As for the Social Security Death Index, still a great tool by all means but question if you think there is a chance that the person may still be alive or especially if you find yourself listed:) BD
FICO Analytics Press Release Marketing Credit Scoring Algorithms to Predict Medication Adherence–Update (Opinion)
“The Death Master File, available as an online search application or as raw data files, is important for death verification. Medical researchers, hospitals, oncology programs all need to track former patients and study subjects. Investigative firms use the data to verify the death of persons, in the course of their investigations. Pension funds, insurance organizations, Federal, State and Local governments and others responsible for payments to recipients/retirees all need to know if they might be sending checks to deceased persons. Individuals may search for loved ones, or work toward growing their family trees. Professional and amateur genealogists can search for missing links.
The Death Master File (DMF) from the Social Security Administration (SSA) contains over 89 million records of deaths that have been reported to SSA. This file includes the following information on each decedent, if the data are available to the SSA: social security number, name, date of birth, date of death, state or country of residence (2/88 and prior), ZIP code of last residence, and ZIP code of lump sum payment. The SSA does not have a death record for all persons; therefore, SSA does not guarantee the veracity of the file. Thus, the absence of a particular person is not proof this person is alive.”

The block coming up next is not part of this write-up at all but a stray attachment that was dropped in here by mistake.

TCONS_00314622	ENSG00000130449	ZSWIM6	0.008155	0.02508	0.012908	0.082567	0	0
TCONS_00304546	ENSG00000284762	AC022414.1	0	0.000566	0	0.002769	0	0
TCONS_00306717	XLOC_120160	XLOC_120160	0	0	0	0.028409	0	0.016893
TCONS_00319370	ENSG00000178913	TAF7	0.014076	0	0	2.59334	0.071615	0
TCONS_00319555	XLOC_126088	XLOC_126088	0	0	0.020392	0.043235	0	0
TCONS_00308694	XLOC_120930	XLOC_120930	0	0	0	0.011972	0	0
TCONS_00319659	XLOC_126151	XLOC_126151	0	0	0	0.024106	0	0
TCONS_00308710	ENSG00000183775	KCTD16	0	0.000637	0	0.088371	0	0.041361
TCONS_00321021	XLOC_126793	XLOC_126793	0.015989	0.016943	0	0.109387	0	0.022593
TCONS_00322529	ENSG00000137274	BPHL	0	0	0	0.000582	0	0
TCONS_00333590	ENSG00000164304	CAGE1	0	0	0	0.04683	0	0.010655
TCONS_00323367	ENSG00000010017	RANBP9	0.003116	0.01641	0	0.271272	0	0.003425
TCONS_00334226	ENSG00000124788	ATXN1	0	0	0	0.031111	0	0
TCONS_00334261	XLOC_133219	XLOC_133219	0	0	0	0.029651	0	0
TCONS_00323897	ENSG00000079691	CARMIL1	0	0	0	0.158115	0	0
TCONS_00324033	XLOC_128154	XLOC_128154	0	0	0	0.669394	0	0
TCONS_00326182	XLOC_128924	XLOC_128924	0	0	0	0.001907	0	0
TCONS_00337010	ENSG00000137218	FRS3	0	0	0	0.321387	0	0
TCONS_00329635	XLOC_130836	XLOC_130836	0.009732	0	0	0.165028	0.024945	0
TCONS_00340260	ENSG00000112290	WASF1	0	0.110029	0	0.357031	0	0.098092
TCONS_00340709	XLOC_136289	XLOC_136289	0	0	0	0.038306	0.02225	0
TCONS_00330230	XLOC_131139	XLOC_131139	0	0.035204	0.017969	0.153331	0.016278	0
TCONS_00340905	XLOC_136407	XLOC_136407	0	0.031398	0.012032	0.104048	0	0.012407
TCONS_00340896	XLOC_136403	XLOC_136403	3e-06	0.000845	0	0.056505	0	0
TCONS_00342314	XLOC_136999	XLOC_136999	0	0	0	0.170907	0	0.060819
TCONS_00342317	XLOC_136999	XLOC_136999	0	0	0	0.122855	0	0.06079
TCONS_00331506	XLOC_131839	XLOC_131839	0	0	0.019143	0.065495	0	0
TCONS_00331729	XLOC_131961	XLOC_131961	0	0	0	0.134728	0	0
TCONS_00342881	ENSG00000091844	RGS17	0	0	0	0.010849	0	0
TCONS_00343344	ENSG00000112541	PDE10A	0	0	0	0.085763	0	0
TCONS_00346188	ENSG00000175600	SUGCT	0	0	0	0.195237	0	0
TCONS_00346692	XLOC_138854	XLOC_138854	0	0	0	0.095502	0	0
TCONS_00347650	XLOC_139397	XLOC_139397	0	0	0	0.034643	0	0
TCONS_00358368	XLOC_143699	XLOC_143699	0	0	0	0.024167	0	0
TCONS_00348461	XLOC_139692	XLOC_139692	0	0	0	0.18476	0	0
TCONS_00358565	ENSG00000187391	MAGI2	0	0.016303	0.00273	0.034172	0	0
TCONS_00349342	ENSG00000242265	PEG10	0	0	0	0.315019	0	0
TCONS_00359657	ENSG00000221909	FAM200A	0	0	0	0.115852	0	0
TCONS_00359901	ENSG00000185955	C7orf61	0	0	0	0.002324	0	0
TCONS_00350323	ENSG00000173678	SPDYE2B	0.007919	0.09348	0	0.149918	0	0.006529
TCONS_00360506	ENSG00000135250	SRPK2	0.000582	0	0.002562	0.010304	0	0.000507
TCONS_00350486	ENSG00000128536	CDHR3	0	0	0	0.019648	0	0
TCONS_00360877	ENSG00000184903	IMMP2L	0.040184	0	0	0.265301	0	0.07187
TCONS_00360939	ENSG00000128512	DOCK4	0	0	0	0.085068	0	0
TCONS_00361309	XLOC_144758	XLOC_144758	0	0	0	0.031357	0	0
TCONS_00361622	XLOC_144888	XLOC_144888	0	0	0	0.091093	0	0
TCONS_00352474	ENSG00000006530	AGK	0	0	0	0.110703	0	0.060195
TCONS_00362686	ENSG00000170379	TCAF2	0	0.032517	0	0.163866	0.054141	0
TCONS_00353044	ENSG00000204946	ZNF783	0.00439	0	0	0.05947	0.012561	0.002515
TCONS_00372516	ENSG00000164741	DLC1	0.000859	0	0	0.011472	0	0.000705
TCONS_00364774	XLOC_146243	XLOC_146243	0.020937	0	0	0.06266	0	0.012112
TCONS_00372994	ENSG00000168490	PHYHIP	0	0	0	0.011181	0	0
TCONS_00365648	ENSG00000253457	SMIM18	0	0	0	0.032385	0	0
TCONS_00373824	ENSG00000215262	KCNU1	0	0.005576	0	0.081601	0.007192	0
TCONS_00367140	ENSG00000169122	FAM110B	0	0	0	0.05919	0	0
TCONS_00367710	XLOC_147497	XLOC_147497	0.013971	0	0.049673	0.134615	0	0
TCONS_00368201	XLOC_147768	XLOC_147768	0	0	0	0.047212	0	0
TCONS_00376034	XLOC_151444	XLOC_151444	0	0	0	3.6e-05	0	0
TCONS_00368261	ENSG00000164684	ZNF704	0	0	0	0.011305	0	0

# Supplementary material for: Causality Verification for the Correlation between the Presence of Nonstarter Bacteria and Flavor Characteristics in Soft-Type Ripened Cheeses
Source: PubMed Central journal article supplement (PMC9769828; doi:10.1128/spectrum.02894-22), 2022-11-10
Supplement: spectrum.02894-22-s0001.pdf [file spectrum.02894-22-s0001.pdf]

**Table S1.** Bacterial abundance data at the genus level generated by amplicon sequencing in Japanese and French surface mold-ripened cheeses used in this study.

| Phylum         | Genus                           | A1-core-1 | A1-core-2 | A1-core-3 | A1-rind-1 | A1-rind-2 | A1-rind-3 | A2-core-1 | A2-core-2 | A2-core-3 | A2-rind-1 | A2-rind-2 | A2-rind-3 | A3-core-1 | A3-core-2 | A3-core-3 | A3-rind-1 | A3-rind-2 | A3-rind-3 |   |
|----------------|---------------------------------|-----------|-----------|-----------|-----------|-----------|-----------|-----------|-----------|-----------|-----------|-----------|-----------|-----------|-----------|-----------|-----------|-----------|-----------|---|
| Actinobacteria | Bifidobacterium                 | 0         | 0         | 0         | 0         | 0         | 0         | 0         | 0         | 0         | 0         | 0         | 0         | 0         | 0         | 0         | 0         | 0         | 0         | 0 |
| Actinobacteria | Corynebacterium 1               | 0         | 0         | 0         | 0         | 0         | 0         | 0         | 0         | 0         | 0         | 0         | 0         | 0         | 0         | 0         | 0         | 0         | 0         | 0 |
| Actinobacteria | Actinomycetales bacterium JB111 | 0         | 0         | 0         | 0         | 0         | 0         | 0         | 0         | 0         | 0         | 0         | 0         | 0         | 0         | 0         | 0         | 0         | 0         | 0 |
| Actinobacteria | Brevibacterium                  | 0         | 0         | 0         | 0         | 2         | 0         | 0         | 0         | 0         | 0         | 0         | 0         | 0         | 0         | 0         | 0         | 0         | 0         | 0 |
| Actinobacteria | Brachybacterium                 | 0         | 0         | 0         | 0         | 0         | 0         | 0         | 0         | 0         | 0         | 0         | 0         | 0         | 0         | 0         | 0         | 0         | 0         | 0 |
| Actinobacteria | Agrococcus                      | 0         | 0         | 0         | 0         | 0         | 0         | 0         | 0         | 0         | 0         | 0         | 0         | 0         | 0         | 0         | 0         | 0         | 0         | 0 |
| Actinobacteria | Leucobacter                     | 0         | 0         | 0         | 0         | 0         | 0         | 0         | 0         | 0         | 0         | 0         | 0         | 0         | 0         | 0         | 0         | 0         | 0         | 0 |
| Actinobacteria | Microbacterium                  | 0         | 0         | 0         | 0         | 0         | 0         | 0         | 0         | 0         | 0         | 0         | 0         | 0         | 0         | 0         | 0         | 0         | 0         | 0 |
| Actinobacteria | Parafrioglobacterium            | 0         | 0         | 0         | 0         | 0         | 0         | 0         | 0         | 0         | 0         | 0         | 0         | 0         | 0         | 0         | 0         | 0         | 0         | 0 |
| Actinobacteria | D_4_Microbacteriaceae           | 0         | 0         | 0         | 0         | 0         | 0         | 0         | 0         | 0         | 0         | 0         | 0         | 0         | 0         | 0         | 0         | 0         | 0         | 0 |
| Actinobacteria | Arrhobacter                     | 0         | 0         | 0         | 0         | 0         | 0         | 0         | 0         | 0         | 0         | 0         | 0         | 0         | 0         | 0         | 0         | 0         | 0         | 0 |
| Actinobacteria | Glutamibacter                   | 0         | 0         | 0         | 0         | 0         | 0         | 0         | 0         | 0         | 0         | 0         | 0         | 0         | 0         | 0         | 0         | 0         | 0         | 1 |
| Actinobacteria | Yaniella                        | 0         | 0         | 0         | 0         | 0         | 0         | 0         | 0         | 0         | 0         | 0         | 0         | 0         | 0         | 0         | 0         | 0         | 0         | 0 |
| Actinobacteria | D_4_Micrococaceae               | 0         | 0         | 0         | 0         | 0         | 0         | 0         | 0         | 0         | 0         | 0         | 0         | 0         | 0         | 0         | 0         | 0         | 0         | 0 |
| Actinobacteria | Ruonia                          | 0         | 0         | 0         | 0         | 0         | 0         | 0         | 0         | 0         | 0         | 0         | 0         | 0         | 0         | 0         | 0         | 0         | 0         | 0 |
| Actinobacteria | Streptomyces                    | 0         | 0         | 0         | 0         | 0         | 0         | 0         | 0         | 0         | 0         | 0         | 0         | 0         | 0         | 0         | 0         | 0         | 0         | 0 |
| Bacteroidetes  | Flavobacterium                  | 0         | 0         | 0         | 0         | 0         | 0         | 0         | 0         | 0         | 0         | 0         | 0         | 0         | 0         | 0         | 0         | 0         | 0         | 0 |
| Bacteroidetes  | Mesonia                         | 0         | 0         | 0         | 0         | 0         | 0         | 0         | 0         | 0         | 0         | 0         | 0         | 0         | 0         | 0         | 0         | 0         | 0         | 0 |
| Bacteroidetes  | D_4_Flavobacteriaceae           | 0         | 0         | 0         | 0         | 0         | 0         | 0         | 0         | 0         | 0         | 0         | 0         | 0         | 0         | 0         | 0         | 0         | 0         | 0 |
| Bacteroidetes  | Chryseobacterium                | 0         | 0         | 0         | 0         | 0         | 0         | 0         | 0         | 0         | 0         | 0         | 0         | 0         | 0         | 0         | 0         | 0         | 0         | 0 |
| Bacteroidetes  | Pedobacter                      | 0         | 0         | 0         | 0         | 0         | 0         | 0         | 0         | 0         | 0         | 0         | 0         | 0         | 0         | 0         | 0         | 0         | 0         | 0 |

Tens of thousands of people's identities are exposed to identity theft each year due to an unlikely source: the Social Security Administration (SSA). That's owing to the agency's data entry personnel sometimes misclassifying a person, still living, as having died.
The errors appear to affect fewer than 1% of the 2 million deaths that are reported annually and logged in the SSA's Death Master File (DMF). The file is sold to more than 300 clients by the National Technical Information Service--part of the Department of Commerce--and is meant to help block identity theft and fraud.
But in the past three years, 31,931 living people have had their information included in the DMF, reported Columbus, Ind. newspaper The Republic. As a result, those people have faced everything from frozen bank accounts and rescinded job interview offers to cellphone contract cancellations and loan rejections.
Notably, in August Sen. Richard Durbin (D-Ill.) wrote to the SSA's commissioner, Michael Astrue, inquiring about the agency's approach to handling incorrectly reported death errors, after reports surfaced about the impact that those errors were having on people's lives. "As you know, if a person is mistakenly placed on this list, it can result in problems with credit agencies, applying for a loan, or even getting a job," he wrote. "In addition, individuals who have been in this situation report that the problem can be difficult to resolve." He also questioned why the number of errors involving Illinois residents had seemed to almost quadruple between 2007 and 2008.